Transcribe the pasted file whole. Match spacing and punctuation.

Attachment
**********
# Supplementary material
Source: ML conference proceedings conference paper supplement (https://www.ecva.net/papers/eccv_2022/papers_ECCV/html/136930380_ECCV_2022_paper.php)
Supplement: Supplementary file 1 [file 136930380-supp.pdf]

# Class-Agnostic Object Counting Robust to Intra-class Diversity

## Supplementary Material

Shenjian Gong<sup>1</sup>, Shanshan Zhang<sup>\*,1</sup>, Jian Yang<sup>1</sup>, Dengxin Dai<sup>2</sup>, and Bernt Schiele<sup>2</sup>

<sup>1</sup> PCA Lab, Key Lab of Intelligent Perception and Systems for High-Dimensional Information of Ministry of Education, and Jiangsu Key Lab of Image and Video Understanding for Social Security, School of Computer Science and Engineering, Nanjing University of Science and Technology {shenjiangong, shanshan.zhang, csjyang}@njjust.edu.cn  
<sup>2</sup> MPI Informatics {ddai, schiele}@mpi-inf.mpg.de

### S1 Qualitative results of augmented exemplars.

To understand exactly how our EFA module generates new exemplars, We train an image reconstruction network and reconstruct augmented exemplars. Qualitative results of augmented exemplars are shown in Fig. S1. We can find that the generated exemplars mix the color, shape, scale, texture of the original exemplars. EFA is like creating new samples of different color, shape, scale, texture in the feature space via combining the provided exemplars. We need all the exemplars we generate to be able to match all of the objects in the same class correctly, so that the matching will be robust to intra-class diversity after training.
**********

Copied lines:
# Supplementary material
Source: ML conference proceedings conference paper supplement (https://www.ecva.net/papers/eccv_2022/papers_ECCV/html/136930380_ECCV_2022_paper.php)
Supplement: Supplementary file 1 [file 136930380-supp.pdf]

# Class-Agnostic Object Counting Robust to Intra-class Diversity

## Supplementary Material

Shenjian Gong<sup>1</sup>, Shanshan Zhang<sup>\*,1</sup>, Jian Yang<sup>1</sup>, Dengxin Dai<sup>2</sup>, and Bernt Schiele<sup>2</sup>

<sup>1</sup> PCA Lab, Key Lab of Intelligent Perception and Systems for High-Dimensional Information of Ministry of Education, and Jiangsu Key Lab of Image and Video Understanding for Social Security, School of Computer Science and Engineering, Nanjing University of Science and Technology {shenjiangong, shanshan.zhang, csjyang}@njjust.edu.cn  
<sup>2</sup> MPI Informatics {ddai, schiele}@mpi-inf.mpg.de

### S1 Qualitative results of augmented exemplars.

To understand exactly how our EFA module generates new exemplars, We train an image reconstruction network and reconstruct augmented exemplars. Qualitative results of augmented exemplars are shown in Fig. S1. We can find that the generated exemplars mix the color, shape, scale, texture of the original exemplars. EFA is like creating new samples of different color, shape, scale, texture in the feature space via combining the provided exemplars. We need all the exemplars we generate to be able to match all of the objects in the same class correctly, so that the matching will be robust to intra-class diversity after training.